Anxiety could worsen the risks for heart disease patients
Heart disease patients may be at higher risk of heart attacks, strokes, heart failure and death if they suffer from anxiety too, a US journal report says.
In a study of more than 1,000 people with heart disease, researchers noted a 74% increased risk of cardiovascular events in those with an anxiety disorder.
The study appeared in Archives of General Psychiatry.
More research is needed to understand the link, say British experts.
Researchers from Tilburg University in the Netherlands followed up the group of patients after an average of five and a half years.
They found that the yearly rate of cardiovascular events was 9.6% in the 106 patients who suffered from a general anxiety disorder.
In the 909 patients without an anxiety disorder, the rate was 6.6%.
Yet few studies have looked into the role of anxiety in predicting cardiovascular problems like heart attacks, strokes and even heart failure and death.
The authors of the study say the question of why anxiety disorders are linked to increased risk in patients with coronary heart disease is still not clear.
It could be that patients with anxiety are more likely to go and see their doctor when they have symptoms and therefore are more likely to receive a diagnosis of stroke or heart attack.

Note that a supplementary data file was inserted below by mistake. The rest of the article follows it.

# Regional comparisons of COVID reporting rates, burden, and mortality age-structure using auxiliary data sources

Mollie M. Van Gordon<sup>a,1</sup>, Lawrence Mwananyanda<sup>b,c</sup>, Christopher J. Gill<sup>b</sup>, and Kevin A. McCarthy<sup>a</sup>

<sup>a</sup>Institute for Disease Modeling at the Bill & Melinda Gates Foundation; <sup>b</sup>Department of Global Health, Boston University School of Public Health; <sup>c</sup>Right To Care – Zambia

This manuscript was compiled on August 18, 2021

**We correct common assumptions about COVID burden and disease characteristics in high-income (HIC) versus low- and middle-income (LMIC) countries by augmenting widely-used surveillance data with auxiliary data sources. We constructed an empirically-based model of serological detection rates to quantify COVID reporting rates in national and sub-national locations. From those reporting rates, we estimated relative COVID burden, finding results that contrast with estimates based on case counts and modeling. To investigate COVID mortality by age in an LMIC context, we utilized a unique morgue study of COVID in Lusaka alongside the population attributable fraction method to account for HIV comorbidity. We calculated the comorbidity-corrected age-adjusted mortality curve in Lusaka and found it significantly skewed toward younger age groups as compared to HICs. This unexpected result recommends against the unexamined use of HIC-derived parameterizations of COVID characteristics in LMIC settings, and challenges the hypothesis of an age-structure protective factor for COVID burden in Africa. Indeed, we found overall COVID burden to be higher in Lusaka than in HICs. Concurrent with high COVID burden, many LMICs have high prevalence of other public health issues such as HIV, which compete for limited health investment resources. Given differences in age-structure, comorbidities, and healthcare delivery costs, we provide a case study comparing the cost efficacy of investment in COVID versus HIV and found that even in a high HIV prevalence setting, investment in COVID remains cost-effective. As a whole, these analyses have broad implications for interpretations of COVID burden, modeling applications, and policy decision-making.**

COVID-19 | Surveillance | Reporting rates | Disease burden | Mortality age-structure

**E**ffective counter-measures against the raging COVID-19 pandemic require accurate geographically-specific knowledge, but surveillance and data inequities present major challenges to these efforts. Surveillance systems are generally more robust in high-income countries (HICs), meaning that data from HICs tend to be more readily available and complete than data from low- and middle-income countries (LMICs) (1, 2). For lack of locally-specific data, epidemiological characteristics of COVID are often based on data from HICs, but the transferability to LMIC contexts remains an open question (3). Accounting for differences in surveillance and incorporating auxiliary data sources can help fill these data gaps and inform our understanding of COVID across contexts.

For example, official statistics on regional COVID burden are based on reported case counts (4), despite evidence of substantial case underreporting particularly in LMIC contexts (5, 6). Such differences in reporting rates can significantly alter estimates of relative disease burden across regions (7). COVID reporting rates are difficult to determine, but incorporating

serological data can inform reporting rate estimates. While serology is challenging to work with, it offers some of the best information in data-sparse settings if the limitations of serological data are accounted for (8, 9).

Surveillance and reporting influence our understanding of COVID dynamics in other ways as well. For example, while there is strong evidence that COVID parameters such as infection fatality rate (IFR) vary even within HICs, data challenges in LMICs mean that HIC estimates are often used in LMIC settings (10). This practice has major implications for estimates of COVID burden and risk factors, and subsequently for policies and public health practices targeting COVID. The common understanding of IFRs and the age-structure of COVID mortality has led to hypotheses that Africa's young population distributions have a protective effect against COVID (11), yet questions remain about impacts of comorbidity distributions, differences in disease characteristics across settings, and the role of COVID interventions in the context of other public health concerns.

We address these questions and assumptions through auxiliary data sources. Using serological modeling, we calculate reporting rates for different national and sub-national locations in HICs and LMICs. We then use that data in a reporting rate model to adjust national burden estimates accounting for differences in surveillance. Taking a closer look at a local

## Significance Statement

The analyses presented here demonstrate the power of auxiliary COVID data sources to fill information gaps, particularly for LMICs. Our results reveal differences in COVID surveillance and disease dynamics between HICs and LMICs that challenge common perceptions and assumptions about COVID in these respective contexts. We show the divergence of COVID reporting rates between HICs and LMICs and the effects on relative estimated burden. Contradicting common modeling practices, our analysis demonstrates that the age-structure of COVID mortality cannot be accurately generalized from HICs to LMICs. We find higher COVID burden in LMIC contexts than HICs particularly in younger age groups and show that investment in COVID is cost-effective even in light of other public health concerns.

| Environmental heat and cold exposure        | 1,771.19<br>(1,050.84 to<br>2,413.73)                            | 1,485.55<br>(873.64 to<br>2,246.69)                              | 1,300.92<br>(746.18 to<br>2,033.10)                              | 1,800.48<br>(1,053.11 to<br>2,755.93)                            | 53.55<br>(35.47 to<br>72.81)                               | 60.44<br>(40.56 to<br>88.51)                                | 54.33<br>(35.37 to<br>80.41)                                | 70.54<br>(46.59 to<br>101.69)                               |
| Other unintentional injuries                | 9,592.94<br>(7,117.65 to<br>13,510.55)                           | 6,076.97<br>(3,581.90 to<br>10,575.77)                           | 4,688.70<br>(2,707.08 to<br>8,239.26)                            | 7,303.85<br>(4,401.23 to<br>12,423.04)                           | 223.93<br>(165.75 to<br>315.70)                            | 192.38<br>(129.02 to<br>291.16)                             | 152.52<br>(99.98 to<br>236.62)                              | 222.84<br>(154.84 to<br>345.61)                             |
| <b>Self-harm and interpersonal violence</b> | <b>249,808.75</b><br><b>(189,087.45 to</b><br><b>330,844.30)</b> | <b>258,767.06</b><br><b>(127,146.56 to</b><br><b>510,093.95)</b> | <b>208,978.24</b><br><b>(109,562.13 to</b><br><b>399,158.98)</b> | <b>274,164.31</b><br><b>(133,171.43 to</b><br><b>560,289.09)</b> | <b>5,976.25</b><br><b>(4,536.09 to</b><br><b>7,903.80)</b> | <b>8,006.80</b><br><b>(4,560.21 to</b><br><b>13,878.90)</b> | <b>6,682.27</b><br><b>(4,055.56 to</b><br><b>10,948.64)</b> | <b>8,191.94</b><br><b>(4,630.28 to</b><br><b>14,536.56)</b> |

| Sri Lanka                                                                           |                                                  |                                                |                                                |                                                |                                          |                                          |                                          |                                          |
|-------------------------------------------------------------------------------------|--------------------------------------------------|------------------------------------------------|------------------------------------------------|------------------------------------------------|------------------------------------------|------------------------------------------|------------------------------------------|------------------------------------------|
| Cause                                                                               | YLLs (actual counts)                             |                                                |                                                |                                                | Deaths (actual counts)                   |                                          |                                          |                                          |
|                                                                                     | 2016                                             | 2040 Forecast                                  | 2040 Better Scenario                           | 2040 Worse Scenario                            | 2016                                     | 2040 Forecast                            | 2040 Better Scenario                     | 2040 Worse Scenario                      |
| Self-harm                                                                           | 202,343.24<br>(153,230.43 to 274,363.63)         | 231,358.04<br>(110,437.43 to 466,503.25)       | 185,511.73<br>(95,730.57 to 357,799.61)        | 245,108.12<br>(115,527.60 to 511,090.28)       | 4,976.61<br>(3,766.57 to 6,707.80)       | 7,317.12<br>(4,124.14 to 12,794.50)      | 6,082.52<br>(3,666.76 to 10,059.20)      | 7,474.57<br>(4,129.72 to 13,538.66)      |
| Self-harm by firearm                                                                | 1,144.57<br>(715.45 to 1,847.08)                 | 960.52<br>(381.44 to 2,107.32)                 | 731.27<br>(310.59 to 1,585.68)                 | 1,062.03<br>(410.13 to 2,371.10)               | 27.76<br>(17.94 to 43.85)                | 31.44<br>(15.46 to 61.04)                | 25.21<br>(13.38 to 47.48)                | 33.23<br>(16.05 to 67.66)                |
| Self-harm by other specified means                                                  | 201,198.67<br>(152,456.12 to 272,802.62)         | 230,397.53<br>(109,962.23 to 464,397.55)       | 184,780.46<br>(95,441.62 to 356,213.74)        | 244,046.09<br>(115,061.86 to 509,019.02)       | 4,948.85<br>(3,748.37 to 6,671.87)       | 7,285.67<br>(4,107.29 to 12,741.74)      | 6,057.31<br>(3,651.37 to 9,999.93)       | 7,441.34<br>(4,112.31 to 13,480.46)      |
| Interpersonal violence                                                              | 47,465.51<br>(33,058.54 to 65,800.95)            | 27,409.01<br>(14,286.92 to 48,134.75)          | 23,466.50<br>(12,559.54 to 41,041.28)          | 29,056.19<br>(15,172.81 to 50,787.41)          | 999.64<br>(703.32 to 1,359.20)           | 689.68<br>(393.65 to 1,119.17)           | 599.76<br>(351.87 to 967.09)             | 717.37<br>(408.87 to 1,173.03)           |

On the other hand, patients with higher anxiety levels might be less likely to visit their specialist and then be at increased risk of cardiovascular problems.
It is also possible, the study says, that there is a common underlying factor which makes individuals susceptible to both heart disease and anxiety.
Dr Elisabeth Martens, expert in neuropsychology at Tilburg University and lead author, said that the findings have implications for clinical practice and research.
“Evaluation and treatment of anxiety may also be considered as part of the comprehensive management of patients with coronary heart disease,” she said.
Judy O’Sullivan, senior cardiac nurse at the British Heart Foundation, said: “The association between poor mental health and coronary heart disease is very complex and still not fully understood.”
She added: “We know that people with heart disease are often anxious about their future and about how their lives, and the lives of those closest to them, will be affected by the disease.
“Now we need to spend more time and money understanding the links between poor mental health and heart disease.”
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